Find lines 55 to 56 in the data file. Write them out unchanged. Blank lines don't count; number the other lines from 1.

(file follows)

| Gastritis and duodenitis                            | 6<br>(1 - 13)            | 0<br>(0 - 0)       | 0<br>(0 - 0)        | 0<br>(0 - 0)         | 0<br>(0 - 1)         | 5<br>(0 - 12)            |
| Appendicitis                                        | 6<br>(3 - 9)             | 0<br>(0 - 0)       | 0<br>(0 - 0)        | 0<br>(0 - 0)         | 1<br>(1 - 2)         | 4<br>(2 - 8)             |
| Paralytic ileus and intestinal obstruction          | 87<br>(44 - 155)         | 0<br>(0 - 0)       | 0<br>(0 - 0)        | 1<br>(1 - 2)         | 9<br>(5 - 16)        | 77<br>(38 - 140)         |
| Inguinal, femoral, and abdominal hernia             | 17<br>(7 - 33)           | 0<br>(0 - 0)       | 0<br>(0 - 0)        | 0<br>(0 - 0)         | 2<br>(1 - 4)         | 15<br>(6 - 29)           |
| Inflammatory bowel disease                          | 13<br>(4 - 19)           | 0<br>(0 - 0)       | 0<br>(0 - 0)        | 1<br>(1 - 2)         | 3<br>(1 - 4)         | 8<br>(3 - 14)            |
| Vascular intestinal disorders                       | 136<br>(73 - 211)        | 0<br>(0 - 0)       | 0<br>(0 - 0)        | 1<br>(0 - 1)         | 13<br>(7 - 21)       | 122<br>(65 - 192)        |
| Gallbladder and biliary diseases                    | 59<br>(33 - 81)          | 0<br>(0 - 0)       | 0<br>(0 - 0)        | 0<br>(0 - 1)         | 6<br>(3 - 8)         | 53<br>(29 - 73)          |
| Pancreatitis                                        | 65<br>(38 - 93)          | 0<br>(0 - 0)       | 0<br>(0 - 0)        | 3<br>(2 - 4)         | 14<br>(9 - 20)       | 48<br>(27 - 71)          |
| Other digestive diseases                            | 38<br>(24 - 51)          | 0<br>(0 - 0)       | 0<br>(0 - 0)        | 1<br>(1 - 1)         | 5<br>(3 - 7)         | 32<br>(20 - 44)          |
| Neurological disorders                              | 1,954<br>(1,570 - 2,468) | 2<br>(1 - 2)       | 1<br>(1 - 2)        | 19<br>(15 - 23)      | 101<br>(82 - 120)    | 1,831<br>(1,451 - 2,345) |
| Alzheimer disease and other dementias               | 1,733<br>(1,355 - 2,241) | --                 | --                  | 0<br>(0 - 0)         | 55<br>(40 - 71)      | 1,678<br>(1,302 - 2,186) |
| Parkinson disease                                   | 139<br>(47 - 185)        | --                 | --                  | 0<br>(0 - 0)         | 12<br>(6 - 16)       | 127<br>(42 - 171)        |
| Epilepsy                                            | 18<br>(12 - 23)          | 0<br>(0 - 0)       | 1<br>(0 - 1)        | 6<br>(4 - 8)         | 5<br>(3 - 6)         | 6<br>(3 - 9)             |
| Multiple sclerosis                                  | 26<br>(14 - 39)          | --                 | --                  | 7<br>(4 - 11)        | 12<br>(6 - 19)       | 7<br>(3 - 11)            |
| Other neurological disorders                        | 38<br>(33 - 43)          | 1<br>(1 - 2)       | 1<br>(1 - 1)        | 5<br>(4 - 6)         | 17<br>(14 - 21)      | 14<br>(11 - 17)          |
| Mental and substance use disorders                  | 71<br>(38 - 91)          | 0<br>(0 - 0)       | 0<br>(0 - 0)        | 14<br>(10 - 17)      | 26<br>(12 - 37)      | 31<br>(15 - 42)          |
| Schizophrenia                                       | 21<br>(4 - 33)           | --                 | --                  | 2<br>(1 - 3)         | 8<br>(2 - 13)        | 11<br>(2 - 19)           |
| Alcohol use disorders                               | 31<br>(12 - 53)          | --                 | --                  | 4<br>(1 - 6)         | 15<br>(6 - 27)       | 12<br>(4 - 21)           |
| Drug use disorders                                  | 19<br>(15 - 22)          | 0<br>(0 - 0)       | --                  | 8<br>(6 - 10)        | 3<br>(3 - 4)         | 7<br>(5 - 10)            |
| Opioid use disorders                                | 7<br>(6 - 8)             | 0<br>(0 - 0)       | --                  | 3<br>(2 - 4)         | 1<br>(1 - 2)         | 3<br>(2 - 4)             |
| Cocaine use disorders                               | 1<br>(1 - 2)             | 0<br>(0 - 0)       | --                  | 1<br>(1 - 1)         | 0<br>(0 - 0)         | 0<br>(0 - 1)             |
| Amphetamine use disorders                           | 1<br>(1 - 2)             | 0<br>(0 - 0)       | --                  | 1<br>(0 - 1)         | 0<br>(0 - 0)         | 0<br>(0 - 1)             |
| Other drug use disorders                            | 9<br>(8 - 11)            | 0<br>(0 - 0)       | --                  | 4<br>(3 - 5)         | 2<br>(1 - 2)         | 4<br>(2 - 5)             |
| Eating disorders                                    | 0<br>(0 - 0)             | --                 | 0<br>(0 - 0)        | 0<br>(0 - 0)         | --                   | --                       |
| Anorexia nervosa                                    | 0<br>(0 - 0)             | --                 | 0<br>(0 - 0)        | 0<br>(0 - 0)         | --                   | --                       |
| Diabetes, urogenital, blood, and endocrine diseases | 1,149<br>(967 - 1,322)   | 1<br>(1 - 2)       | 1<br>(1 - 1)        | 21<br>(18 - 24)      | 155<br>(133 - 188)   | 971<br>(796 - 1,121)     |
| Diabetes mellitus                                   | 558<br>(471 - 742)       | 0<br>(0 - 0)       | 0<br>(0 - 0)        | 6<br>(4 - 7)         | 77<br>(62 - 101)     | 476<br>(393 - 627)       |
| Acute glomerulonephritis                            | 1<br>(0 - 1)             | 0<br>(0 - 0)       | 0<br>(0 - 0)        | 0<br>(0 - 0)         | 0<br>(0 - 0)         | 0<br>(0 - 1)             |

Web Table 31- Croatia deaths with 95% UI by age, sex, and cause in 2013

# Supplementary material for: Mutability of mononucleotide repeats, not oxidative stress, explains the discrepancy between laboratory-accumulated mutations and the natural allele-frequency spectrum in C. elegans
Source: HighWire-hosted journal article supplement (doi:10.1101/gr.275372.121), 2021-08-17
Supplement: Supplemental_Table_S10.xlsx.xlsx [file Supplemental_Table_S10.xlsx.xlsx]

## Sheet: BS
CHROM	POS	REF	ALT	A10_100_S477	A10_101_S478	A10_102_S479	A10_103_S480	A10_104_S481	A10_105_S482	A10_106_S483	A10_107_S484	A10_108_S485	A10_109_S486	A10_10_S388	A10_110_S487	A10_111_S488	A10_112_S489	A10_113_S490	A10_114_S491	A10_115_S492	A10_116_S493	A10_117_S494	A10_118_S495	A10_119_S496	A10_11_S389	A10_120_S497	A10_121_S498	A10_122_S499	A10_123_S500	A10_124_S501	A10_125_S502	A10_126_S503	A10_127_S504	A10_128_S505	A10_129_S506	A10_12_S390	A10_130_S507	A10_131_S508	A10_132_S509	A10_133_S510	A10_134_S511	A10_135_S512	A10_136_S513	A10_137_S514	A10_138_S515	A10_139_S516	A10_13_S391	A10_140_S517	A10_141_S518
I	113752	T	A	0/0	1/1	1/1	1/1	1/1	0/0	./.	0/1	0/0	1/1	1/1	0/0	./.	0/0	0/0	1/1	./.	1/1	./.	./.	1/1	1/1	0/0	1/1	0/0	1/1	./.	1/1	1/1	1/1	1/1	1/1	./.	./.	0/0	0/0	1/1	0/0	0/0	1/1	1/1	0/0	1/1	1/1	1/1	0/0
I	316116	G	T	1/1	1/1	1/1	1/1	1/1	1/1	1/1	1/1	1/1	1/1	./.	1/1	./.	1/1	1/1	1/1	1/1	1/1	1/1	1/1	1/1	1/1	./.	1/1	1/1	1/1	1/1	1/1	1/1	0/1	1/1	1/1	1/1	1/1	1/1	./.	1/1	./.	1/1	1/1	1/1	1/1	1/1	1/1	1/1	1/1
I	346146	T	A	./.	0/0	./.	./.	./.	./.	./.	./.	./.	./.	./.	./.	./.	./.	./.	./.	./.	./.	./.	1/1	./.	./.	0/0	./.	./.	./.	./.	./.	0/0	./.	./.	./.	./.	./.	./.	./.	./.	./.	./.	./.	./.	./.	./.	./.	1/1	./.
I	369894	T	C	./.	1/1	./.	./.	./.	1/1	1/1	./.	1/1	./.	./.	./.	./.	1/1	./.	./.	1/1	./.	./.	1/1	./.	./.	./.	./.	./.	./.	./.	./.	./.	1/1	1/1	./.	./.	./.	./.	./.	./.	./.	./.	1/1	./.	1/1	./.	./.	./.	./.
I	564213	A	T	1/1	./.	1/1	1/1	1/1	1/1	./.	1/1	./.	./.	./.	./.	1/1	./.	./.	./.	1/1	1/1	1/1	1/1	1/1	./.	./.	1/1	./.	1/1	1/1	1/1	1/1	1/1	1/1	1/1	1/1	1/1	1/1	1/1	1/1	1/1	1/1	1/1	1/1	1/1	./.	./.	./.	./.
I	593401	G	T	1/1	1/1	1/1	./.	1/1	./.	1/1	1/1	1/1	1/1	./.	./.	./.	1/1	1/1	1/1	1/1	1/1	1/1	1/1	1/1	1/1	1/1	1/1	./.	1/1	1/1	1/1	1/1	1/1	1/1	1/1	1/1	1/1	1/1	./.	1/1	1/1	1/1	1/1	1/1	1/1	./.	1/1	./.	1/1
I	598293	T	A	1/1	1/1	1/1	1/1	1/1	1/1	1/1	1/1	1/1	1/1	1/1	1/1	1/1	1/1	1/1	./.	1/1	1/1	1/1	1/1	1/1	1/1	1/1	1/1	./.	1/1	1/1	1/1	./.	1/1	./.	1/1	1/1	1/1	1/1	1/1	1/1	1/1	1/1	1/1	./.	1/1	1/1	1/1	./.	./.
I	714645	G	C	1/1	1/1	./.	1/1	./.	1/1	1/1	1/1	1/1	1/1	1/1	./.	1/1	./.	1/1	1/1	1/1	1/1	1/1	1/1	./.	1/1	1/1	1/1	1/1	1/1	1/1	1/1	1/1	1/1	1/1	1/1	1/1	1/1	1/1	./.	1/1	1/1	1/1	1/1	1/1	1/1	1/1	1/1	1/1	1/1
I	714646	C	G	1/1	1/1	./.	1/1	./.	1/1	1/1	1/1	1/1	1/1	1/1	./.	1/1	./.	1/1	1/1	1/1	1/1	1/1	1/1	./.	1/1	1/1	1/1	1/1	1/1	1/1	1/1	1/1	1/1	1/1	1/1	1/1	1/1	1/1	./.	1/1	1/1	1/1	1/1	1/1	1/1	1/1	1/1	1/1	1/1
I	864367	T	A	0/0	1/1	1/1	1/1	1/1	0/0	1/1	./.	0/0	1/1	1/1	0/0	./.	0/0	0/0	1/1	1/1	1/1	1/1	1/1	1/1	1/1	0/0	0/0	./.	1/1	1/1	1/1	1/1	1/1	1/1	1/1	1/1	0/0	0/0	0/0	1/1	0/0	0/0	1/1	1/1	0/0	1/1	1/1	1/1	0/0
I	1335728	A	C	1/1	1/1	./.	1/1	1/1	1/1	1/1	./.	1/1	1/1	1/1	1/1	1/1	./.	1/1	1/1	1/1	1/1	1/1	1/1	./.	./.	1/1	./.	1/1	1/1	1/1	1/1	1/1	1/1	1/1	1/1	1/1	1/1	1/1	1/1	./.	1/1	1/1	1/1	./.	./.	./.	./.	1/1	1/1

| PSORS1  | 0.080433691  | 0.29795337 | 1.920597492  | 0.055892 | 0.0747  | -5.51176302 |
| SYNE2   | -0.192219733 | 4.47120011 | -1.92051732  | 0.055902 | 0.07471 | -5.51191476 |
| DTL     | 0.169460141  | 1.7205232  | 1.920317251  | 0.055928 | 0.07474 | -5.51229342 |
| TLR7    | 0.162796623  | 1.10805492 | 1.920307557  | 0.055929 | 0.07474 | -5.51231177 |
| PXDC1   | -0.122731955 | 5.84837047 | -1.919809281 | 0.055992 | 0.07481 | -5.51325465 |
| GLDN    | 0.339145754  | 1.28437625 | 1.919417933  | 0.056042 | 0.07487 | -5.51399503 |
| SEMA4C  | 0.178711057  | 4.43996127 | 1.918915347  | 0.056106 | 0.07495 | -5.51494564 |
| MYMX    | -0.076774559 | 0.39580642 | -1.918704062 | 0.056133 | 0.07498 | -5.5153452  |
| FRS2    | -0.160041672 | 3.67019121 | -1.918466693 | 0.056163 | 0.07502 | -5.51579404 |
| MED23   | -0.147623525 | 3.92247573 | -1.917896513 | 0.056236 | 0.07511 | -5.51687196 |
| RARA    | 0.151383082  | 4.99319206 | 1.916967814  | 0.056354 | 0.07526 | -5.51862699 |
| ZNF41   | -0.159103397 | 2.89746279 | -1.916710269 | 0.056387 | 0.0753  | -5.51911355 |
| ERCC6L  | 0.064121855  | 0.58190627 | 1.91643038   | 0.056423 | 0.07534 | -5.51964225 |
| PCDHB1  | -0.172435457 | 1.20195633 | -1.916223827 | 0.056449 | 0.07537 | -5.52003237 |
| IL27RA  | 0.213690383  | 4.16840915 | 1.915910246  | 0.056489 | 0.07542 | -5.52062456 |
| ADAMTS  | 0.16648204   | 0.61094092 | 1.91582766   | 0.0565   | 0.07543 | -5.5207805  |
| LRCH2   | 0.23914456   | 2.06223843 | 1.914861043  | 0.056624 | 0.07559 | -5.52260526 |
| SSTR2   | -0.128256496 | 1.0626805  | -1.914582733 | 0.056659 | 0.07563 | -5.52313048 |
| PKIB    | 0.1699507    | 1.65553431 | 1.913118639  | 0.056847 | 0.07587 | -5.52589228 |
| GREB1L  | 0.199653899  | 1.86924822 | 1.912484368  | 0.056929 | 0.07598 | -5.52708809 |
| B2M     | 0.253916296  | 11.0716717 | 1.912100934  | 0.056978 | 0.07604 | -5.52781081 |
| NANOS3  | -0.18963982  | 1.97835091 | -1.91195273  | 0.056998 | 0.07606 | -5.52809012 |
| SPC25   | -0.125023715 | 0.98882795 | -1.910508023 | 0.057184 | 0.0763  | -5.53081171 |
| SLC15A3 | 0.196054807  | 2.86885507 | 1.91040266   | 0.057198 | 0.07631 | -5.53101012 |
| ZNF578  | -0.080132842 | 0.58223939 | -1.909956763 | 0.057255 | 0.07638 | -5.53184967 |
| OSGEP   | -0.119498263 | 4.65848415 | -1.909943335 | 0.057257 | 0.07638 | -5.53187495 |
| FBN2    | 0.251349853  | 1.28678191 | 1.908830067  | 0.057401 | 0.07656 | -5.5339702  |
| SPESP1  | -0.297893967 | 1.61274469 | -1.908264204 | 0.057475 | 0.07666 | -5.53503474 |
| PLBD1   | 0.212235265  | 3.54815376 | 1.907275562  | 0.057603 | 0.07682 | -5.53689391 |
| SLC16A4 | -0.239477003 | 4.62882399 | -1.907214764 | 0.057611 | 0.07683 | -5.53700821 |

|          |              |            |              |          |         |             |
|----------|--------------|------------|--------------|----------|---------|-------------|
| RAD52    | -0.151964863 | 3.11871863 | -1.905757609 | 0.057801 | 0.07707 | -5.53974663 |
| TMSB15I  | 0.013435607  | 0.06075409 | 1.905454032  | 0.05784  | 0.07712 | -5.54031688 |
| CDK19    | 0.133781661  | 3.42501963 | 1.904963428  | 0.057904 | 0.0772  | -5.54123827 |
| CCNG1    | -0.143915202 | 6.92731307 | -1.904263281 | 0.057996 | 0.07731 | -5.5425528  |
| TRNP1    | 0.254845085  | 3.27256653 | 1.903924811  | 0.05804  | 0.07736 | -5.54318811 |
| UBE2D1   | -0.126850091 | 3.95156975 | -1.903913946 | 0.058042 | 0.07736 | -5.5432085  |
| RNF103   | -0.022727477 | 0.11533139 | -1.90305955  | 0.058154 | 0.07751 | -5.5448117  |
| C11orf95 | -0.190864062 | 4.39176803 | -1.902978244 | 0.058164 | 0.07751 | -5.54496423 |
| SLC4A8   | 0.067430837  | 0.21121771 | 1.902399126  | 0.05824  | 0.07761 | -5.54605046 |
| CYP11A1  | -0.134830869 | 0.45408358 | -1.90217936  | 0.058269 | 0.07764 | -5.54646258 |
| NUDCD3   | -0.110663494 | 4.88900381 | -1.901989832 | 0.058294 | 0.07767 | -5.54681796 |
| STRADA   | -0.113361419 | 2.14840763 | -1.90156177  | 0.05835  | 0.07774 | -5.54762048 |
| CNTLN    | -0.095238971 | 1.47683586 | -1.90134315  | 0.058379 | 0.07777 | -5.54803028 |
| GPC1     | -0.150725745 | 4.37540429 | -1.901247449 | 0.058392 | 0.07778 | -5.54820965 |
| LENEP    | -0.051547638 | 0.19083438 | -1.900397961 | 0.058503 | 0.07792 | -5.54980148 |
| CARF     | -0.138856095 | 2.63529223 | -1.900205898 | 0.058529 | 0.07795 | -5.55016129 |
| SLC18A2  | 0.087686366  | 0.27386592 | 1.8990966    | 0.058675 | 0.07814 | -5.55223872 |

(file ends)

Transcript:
| MED23   | -0.147623525 | 3.92247573 | -1.917896513 | 0.056236 | 0.07511 | -5.51687196 |
| RARA    | 0.151383082  | 4.99319206 | 1.916967814  | 0.056354 | 0.07526 | -5.51862699 |